A week has passed since the PKK terrorists blew up explosives in Turkey’s southeastern province and claimed lives of civilians, yet the pain and sorrow of the grieving parents remain fresh.
On Sept. 12, improvised explosives planted by the PKK terrorists targeted a vehicle carrying forest workers in Kulp district of Diyarbakir, leaving seven people dead and a dozen others injured. Mehmet Bozyel, 17, was the youngest victim of the attack.
“My son wanted to be a lawyer. Those who carried out the attack are murderers. I lost my child to terror and don’t want others to experience the same,” Ahmet Bozyel, weeping father of Mehmet Bozyel, told Anadolu Agency.
Noting that his son was planning to get prepared for the upcoming university entrance exam this year, Bozyel said his son only wanted to earn some pocket money before becoming victim of PKK’s cruelty.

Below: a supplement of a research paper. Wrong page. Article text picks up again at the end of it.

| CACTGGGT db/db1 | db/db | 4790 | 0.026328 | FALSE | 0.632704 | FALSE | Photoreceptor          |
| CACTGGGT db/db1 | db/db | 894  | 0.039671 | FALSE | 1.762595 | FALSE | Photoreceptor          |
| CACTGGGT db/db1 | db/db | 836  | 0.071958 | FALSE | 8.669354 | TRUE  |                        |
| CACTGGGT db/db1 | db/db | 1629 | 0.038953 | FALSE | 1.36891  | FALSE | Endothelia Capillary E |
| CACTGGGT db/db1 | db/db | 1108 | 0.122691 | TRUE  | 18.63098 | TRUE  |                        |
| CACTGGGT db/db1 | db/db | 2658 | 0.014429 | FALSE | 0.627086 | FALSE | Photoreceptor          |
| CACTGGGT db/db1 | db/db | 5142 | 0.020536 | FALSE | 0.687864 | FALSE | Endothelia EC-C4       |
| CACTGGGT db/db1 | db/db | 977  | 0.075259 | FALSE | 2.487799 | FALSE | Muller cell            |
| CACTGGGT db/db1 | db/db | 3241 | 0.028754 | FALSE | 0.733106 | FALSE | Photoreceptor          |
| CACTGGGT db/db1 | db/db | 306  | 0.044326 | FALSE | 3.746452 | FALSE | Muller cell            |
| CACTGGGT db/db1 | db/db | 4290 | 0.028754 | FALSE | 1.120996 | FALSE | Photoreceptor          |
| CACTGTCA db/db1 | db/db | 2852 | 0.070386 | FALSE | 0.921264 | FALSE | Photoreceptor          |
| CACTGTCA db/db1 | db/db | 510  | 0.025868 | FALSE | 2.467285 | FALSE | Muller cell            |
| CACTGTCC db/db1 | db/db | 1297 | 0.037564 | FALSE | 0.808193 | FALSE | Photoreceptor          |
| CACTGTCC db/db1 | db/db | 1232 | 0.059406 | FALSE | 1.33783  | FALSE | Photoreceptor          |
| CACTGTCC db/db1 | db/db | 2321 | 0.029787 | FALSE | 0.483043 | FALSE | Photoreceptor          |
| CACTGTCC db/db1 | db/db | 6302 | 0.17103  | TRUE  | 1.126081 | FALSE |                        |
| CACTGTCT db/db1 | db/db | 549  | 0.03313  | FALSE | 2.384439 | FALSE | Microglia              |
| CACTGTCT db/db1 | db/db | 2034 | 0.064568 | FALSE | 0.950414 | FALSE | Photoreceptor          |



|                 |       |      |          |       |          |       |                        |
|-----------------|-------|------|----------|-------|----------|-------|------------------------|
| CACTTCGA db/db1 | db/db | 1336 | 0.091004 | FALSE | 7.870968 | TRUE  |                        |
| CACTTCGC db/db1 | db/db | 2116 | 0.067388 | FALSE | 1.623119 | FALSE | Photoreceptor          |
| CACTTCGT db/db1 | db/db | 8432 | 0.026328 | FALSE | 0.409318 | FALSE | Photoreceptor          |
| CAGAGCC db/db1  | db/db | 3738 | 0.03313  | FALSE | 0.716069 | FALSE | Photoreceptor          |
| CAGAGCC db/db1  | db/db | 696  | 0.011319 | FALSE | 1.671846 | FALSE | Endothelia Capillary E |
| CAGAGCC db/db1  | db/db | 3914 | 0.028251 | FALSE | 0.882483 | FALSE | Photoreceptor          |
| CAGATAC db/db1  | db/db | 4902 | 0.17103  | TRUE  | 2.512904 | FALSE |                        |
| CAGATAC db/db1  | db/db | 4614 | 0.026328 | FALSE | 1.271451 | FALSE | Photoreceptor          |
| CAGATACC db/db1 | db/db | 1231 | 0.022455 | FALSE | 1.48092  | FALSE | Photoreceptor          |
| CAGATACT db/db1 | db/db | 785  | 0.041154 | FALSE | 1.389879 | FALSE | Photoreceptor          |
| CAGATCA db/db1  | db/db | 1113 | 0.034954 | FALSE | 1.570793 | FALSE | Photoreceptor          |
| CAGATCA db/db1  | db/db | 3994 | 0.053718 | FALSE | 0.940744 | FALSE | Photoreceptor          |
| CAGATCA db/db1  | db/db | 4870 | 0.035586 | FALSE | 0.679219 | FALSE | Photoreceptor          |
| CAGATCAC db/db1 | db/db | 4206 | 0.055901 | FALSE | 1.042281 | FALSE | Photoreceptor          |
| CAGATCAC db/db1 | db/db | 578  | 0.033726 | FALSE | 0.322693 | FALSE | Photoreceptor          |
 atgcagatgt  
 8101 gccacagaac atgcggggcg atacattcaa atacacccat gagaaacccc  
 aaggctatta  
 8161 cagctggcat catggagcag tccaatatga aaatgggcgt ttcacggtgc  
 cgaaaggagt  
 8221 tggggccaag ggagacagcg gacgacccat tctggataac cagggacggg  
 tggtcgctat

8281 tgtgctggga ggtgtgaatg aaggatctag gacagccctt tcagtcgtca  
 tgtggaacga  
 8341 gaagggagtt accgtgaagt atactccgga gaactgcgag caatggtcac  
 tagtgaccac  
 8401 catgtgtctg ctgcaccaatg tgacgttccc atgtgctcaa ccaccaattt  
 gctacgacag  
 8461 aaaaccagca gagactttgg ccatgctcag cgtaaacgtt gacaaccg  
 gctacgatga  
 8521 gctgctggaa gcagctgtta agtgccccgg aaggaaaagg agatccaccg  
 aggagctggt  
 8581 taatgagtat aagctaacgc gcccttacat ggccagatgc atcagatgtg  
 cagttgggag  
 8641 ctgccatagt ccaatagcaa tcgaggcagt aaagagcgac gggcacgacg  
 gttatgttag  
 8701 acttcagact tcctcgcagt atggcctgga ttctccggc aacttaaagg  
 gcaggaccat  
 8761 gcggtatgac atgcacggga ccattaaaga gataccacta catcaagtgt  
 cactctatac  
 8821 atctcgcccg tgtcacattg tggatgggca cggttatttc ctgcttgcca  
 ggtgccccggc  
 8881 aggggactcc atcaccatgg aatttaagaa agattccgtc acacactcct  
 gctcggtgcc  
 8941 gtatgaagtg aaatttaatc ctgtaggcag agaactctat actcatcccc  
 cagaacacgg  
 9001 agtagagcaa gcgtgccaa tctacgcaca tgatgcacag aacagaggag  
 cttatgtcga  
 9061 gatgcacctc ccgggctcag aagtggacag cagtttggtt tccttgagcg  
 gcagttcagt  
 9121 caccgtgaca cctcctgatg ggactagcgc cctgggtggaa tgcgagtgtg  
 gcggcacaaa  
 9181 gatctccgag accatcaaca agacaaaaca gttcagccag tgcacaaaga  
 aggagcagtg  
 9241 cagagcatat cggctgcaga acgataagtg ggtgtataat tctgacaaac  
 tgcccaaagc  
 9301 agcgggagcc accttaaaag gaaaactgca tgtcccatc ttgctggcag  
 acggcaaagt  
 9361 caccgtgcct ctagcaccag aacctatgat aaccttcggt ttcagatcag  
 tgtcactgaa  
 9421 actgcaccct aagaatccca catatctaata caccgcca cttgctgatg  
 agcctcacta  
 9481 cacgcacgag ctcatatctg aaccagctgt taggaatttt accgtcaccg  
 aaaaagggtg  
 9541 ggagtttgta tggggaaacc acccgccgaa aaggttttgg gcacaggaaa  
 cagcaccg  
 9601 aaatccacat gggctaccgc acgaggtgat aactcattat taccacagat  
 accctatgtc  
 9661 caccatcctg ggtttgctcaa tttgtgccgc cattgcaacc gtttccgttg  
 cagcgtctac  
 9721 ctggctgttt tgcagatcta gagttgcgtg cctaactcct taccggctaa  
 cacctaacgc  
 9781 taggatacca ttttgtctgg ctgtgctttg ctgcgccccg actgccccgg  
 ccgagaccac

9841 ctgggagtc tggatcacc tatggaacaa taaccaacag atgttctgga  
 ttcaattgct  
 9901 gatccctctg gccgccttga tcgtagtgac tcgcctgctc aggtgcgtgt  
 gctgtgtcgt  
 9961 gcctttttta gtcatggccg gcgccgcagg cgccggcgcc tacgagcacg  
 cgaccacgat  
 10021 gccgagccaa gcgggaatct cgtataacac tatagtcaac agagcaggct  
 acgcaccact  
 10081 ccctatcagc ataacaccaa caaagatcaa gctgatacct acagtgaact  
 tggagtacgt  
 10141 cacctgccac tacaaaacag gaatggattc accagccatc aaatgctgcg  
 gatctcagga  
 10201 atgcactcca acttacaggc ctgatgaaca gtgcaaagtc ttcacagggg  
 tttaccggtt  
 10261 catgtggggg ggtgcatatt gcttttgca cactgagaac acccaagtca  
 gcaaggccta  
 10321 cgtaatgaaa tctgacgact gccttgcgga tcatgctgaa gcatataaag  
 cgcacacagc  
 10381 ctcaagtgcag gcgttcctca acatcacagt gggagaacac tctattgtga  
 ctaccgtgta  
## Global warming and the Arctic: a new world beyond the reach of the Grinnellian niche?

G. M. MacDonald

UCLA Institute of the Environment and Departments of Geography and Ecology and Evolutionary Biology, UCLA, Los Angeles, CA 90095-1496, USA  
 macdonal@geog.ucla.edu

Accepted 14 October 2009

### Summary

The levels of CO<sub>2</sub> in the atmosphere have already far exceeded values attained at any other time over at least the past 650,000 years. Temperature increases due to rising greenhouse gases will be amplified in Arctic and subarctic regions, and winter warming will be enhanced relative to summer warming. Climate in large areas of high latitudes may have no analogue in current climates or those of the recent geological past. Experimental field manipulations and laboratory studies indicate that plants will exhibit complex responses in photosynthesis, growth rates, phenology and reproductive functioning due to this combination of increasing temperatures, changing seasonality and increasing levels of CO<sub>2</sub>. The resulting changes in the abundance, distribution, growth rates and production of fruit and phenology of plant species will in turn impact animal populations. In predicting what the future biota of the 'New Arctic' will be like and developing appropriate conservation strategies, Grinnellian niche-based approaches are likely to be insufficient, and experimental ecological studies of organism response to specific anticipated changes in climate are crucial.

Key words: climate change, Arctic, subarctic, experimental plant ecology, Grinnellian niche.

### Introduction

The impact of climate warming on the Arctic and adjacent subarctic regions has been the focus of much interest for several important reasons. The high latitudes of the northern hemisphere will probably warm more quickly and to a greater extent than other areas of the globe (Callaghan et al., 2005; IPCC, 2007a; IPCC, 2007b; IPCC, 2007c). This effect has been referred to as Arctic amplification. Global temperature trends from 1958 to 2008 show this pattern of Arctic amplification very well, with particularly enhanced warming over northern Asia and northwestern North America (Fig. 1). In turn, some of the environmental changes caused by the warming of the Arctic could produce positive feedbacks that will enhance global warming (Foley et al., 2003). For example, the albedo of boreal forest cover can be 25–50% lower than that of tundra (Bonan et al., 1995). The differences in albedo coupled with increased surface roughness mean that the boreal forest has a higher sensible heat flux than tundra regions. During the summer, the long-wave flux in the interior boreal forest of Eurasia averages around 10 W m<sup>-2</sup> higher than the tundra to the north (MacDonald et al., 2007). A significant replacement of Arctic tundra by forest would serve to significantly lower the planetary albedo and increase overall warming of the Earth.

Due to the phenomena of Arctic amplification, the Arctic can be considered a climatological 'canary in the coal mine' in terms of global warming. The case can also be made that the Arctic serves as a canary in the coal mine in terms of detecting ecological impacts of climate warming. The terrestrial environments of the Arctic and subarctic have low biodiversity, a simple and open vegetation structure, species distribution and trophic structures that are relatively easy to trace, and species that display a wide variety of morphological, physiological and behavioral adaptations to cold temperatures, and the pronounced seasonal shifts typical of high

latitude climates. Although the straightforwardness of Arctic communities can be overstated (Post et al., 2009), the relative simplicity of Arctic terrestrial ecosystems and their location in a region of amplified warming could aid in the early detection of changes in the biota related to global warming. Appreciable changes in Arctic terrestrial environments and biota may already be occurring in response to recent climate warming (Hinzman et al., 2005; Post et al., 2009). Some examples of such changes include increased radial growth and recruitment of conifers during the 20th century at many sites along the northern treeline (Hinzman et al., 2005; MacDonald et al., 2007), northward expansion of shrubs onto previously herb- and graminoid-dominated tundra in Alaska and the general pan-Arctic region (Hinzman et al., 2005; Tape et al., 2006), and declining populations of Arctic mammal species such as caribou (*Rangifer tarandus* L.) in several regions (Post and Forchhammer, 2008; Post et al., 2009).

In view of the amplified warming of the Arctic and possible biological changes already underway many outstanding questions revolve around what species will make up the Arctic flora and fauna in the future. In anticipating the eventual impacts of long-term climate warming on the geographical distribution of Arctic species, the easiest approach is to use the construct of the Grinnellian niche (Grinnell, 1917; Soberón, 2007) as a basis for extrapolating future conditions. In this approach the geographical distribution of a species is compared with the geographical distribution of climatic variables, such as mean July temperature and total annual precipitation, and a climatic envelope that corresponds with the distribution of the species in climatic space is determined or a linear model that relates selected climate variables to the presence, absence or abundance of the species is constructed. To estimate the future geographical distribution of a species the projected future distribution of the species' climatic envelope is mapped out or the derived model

“On his way back home, the mine placed by the traitors exploded and my son became a martyr. God damn [PKK terrorists],” he lamented, saying his son was dreaming to take out his family from the grip of poverty after graduation from university.
“Let there be no terror, death. Let us live in peace, which is we all seek,” he said, slamming the terror group for claiming the lives of civilians in its acts of barbarity.
Hanim Boyzel, mother of the victim, said his son was doing his best to earn some pocket money which he planned to use for his education.
"Terror claimed my son's life [...] I can't soothe my pain, it burns inside [...] He was the eldest of my children," she said.
Ruken Bozyel, the sister, said her brother was a role model who guided her and other siblings to righteousness. "They [PKK terrorists] broke us, burnt us," she added.
"We would go to school together in the morning. Now that he is gone, with whom will I go to school? He would show us the right and wrong. Who will do this now?" she asked.
In its more than 30-year terror campaign against Turkey, the PKK -- listed as a terrorist organization by Turkey, the U.S., and the EU -- has been responsible for the deaths of some 40,000 people, including women, children, and infants.